• First of all, BioCarbon's drone flies above an area, mapping its level of forestation and reporting back on the potential for restoration. Then, the aerial vehicle swoops to 2 to 3 meters above ground and fires out a seed pod at sufficient velocity to penetrate the soil surface. The seeds themselves are pregerminated and covered in a nutritious hydrogel, giving them a higher chance of success.
  • The founder doesn't say the method is better than hand planting, just cheaper. He estimates the drone can plant at a rate of 10 seeds per minute. With two operators manning multiple drones, he reckons it would be possible to plant up 36,000 trees in a day. In all, UAV-seeding could be about 15% of the cost of traditional methods, he says.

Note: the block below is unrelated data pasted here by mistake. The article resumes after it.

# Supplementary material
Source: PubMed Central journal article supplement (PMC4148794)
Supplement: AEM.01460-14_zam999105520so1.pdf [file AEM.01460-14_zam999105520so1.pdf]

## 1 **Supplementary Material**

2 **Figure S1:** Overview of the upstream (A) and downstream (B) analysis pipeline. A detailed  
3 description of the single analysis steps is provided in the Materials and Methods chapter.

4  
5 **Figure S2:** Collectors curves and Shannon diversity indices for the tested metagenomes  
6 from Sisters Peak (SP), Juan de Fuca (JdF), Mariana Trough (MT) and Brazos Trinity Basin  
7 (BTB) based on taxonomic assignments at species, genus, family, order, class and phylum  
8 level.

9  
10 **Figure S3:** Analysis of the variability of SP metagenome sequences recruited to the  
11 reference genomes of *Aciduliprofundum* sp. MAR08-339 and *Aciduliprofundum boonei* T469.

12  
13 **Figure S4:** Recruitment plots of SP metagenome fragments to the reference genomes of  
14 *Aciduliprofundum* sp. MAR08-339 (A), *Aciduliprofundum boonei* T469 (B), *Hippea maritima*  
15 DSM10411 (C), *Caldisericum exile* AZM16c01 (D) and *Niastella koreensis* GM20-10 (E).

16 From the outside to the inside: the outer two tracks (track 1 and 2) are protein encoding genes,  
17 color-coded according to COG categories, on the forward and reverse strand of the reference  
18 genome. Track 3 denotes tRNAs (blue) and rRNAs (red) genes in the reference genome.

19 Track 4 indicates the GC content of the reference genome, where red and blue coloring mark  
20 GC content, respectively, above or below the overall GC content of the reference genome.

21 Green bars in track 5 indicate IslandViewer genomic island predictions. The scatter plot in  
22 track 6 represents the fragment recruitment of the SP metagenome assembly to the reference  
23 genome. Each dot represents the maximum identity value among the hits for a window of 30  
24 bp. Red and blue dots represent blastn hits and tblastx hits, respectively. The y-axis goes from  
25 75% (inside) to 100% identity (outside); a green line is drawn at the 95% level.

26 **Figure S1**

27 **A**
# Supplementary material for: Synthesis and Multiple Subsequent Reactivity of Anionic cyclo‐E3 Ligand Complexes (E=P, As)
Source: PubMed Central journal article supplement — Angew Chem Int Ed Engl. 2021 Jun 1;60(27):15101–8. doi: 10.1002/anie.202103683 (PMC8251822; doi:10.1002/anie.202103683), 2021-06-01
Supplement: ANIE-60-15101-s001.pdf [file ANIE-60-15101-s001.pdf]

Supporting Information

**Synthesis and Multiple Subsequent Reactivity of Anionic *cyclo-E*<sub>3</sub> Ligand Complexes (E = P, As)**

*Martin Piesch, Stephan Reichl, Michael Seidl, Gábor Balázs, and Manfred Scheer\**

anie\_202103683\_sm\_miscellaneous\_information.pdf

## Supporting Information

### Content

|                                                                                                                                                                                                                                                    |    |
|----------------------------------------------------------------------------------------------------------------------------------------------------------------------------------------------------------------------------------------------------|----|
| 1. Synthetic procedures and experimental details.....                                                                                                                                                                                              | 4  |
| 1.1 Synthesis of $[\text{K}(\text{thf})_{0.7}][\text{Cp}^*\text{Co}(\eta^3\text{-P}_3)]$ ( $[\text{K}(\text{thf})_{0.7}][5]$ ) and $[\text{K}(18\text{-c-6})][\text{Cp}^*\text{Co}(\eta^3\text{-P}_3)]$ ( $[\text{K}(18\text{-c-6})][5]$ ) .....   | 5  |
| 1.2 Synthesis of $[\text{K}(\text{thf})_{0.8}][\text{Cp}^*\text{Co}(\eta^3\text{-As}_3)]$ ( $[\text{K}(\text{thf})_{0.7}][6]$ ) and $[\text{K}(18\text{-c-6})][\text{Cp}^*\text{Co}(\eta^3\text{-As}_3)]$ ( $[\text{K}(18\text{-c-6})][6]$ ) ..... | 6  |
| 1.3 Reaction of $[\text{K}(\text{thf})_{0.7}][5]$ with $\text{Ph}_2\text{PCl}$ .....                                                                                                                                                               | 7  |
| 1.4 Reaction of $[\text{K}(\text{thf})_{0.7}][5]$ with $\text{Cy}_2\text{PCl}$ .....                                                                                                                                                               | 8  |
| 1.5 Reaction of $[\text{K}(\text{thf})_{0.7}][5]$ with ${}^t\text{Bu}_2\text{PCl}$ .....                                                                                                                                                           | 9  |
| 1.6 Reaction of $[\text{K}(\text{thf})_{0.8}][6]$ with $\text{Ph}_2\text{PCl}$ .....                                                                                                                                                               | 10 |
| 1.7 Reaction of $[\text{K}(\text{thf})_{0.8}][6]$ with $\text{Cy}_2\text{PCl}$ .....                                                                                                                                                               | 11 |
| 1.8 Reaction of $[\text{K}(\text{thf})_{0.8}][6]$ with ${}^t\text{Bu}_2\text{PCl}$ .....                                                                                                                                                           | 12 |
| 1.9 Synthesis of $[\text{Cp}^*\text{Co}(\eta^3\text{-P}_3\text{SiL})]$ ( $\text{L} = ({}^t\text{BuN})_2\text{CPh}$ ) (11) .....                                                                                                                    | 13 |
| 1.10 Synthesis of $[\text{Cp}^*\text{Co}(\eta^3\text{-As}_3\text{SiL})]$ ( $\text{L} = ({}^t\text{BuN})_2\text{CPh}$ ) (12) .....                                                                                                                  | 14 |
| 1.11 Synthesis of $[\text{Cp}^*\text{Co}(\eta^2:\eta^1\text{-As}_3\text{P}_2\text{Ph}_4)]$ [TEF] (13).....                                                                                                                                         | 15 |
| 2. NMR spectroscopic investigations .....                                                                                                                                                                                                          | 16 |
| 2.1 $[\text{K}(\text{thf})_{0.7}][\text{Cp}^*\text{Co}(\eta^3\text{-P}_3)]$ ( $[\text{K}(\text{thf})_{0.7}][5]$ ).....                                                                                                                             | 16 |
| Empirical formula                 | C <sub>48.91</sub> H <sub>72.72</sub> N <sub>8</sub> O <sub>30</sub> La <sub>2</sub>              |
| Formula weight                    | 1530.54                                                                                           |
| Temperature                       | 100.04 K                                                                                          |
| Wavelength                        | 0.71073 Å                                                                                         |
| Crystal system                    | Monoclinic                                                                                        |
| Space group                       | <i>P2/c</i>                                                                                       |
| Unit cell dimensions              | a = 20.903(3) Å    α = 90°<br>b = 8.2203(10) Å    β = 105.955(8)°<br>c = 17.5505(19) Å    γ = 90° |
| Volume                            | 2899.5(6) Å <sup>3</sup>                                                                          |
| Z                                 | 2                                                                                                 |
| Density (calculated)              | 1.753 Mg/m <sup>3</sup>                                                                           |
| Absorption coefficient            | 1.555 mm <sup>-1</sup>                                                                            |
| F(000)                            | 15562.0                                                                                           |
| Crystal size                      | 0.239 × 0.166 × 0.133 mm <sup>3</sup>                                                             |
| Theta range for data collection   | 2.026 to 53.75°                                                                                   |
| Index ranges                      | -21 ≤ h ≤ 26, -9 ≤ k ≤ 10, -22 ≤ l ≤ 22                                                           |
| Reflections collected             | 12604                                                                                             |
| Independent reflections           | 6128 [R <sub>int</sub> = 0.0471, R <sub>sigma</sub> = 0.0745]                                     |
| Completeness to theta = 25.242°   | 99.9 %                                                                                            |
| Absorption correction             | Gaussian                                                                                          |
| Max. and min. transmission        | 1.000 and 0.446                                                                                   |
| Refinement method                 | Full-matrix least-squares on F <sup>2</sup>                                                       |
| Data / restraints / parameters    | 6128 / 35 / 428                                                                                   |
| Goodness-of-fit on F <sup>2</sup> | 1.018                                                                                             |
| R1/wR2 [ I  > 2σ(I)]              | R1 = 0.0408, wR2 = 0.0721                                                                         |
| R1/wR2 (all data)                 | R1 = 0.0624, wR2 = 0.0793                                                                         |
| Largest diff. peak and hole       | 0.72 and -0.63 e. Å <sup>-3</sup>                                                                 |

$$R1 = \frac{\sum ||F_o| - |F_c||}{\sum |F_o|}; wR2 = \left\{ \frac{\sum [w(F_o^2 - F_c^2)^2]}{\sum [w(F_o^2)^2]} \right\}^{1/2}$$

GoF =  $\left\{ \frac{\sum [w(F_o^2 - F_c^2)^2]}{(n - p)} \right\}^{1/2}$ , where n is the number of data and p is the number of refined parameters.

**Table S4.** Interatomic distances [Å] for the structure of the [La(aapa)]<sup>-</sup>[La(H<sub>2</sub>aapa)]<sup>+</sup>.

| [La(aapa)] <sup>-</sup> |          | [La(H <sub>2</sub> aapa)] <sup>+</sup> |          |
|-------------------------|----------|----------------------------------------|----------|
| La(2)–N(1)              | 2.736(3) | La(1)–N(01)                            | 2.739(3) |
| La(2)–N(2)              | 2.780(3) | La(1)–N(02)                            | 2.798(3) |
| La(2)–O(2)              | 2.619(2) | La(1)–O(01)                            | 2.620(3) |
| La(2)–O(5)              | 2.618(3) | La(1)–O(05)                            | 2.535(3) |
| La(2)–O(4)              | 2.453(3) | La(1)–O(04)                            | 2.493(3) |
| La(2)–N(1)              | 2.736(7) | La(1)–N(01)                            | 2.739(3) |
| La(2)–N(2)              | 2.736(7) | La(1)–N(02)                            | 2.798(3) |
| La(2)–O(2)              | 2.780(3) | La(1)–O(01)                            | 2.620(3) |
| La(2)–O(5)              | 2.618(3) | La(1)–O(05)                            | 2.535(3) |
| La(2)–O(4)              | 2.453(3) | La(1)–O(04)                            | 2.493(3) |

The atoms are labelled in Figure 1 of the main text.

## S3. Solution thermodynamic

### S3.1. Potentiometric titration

• BioCarbon, which is based in the U.K., won a Skoll Foundation award last year and was recently featured in a Drones for Good competition in the United Arab Emirates, where it showed off a prototype. It hopes to have a fully working product by the end of this summer.

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